“The Washington Post seems to want a Nobel Prize for vetting a source correctly,” he said.
O’Keefe was invited by a campus organization, SMU Young Americans For Freedom, and about 100 people attended the speech in a student center theater as video and TV cameras lined the rear of the hall. There were no protests or disruptions.
“It’s been quite a week and I have a lot to say. So this should be very fun,” O’Keefe said. “We live in unbelievable times and investigative reporting doesn’t really happen very often anymore. Yes, we use disguise, yes, we go undercover, but sometimes it’s the only way to ferret out what people really believe — when nobody’s looking.”
He also acknowledged that his tactics are controversial and sometimes draw scorn: “I think in many ways being hated is a sign of respect,” he said.
O’Keefe gave the greatest hits of his undercover career, starting when, as a student at Rutgers, he pretended to be offended by the green-clad Irish-looking figure depicted on Lucky Charms cereal boxes. He showed a video of his visit to a university official in which he complained about the depiction, which he claimed was offensive to Irish Americans, and said Rutgers agreed to ban Lucky Charms from the dining hall.
He showed his much-discussed sting operation against an ACORN office in Baltimore, during which he pretended to be a pimp, accompanied by a prostitute, looking for government assistance in opening a house of prostitution. That preceded federal defunding of ACORN.
Other stings targeted Planned Parenthood, NPR, an educational publishing house and the leaders of a teacher’s union in Yonkers, N.Y. Acknowledging that Project Veritas has been criticized for selective editing of its undercover videos, O’Keefe said: “We stand by our reporting, and we stand by every edit we have ever made at Project Veritas.”
He lamented that Project Veritas is not widely viewed as a legitimate journalistic enterprise. Describing an attempt by New Hampshire prosecutors to obtain his raw unpublished footage, he said, “Would you ask ‘60 Minutes’ to cooperate with the U.S. government, to hand over hard drives?”
“At Veritas, we believe that we’re all journalists now,” he said. “The establishment desperately needs to narrow the definition of who is a journalist, in order to protect their power.”
Project Veritas in recent months targeted The Post and other news organizations in Washington and New York. It apparently attempted to plant a false story about Moore, the Republican candidate for U.S. Senate in an Alabama special election. Phillips contacted The Post claiming that Moore had impregnated her as a teenager and then paid for an abortion. The woman’s story did not stand up to further reporting and fact-checking, and The Post discovered that she had connections to Project Veritas.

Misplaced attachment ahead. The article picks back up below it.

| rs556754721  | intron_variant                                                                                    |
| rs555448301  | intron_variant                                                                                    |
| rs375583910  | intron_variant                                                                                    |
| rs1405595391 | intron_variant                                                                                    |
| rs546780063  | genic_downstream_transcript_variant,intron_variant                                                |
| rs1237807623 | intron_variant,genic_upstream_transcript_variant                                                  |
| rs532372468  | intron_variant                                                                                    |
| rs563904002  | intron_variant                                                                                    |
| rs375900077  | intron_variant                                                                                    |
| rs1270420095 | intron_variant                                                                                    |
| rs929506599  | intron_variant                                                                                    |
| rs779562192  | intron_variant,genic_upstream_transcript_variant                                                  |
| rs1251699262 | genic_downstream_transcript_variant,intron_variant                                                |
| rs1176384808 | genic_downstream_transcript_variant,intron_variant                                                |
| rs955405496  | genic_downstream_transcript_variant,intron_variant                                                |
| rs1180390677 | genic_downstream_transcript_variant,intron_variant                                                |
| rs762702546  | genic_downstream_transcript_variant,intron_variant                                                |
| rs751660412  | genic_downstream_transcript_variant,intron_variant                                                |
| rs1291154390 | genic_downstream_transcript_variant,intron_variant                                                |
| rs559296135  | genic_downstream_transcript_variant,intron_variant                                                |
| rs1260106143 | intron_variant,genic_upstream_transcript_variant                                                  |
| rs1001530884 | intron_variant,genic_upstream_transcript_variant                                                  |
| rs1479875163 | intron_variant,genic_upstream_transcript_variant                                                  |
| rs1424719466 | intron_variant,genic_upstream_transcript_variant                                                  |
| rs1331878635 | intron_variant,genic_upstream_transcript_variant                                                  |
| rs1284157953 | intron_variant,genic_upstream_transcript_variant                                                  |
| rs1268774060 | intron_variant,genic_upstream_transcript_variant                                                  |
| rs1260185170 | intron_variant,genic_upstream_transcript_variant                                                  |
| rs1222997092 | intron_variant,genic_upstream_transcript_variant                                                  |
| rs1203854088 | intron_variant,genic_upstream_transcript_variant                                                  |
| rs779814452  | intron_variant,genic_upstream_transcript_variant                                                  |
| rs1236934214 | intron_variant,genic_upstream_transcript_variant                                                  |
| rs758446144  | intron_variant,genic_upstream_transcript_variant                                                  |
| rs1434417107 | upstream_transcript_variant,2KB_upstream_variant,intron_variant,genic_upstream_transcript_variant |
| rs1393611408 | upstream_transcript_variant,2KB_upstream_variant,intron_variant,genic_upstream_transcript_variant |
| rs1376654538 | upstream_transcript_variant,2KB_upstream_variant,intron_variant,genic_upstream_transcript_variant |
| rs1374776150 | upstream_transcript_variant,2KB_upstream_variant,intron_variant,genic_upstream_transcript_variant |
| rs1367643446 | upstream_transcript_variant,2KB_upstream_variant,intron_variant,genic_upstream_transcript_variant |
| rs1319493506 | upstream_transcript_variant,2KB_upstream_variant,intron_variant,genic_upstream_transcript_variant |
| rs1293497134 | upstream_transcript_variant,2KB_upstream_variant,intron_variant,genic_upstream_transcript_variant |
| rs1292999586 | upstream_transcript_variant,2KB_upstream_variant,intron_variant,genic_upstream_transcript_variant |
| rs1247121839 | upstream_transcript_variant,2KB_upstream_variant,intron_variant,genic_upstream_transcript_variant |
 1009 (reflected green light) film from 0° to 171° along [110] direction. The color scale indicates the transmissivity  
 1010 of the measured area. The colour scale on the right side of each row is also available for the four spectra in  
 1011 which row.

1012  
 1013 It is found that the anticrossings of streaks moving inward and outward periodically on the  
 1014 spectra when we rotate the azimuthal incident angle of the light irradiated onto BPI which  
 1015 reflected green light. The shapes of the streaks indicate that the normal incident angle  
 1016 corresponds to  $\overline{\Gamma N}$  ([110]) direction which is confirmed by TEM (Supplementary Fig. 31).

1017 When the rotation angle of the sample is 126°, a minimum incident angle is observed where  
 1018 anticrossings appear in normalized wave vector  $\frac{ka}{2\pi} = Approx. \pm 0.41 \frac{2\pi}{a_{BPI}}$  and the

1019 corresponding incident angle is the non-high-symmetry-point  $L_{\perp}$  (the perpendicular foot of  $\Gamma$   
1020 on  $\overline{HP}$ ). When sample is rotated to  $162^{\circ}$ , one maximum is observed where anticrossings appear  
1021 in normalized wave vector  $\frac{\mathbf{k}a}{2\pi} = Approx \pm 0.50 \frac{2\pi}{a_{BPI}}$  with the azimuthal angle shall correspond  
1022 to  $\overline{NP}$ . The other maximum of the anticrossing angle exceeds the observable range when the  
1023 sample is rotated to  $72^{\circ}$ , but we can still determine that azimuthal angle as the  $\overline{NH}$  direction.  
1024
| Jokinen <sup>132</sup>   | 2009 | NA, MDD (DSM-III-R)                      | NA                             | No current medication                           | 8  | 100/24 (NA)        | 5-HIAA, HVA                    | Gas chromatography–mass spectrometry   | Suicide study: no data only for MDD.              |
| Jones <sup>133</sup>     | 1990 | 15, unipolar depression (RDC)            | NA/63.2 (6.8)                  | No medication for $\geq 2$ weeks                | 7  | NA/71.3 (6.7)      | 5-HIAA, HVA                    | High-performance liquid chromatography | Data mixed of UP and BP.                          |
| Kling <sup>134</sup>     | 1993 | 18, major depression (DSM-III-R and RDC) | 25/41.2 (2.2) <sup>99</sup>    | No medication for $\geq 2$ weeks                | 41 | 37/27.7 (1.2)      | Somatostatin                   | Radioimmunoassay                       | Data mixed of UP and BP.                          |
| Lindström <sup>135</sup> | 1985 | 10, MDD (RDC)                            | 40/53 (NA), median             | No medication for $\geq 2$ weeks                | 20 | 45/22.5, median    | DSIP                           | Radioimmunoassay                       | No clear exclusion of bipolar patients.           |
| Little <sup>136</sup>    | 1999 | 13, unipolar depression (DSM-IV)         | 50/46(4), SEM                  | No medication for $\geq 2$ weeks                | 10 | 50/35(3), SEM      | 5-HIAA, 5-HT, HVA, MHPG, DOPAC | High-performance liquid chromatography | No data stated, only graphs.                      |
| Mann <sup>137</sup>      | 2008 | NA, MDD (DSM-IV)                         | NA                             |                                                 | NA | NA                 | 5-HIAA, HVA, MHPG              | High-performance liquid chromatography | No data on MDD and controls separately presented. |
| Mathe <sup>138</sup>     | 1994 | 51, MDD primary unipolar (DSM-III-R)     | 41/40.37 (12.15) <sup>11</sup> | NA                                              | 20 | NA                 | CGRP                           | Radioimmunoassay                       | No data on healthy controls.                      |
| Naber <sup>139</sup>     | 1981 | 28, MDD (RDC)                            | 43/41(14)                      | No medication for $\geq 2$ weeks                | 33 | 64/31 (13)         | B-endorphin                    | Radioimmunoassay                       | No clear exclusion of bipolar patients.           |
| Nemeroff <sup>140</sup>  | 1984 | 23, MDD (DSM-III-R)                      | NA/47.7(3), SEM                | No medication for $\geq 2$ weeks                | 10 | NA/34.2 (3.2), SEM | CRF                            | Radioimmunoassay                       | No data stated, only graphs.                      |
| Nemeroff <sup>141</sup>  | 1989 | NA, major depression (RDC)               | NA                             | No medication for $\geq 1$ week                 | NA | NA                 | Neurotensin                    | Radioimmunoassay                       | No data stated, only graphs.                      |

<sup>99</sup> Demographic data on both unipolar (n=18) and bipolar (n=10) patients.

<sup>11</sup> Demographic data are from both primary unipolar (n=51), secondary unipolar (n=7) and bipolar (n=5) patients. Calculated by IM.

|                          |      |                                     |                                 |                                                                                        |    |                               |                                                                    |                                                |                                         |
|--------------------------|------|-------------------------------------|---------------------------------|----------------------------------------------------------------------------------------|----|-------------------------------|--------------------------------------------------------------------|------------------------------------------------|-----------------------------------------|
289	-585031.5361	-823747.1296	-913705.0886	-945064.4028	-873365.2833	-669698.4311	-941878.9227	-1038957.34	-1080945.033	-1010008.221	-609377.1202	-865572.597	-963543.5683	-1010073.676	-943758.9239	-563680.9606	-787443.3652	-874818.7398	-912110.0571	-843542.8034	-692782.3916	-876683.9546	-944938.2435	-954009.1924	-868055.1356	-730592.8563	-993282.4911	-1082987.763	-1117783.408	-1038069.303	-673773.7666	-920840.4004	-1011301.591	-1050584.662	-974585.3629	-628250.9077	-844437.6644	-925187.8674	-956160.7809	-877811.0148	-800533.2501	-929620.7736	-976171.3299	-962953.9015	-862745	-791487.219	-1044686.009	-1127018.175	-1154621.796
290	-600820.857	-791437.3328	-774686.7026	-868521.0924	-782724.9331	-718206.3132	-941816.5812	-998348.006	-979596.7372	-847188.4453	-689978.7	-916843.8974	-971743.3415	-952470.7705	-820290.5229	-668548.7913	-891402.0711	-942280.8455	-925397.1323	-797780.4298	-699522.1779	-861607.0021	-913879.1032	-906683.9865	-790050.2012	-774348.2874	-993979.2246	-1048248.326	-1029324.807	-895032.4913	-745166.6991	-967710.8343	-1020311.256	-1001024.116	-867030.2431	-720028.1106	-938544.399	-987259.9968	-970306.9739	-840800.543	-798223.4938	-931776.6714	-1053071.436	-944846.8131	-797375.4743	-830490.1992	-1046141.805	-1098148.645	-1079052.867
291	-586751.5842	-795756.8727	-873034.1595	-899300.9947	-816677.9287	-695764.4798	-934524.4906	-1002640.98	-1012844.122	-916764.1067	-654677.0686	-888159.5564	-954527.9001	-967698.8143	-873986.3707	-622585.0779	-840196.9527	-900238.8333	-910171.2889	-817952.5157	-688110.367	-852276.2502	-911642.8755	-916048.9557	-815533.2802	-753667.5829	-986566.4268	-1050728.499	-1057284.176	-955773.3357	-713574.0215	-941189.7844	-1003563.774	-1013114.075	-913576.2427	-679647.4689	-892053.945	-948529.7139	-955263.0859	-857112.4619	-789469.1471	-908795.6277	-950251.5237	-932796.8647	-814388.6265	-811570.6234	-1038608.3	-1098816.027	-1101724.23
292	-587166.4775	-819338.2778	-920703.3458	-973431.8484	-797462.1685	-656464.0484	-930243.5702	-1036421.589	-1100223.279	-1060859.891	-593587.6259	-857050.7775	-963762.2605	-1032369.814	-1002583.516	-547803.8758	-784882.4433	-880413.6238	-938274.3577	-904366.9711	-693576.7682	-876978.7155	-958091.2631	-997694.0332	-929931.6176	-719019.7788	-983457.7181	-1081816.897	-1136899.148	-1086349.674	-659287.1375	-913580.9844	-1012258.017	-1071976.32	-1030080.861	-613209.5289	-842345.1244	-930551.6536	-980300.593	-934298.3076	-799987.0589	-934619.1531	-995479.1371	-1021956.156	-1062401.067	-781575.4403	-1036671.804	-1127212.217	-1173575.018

O’Keefe’s organization has since posted surreptitious videos of Post reporters and other staff members discussing President Trump, the Russia investigation and news operations.
On Wednesday, Project Veritas posted a video message from O’Keefe on social media: “The entire media establishment is against Project Veritas for good reason. We’re challenging their credibility, their veracity and their monopoly. We are an existential threat to them . . . Project Veritas has a stone lodged between Goliath’s eyes. The media wants me to kneel down and apologize. I will not.”
After the Post exposed the false story, the SMU student group posted a statement on its Facebook page saying it had invited O’Keefe to campus “because his experience in investigative journalism and holding organizations and media outlets accountable makes him noteworthy” and invited attendees of the speech to ask O’Keefe “challenging questions during the Q&A session.”
Only a few of the questions were challenging, though. O’Keefe twice declined to address whether the failed sting operation at The Post made The Post’s earlier reporting on Moore, involving alleged sexual predation of teenagers, more credible.
He made clear that Project Veritas is continuing to push forward.
“We have many, many, many people across the country as I speak having meetings undercover at varying levels of access,” O’Keefe said. “They’ll have to deal with me for many years.”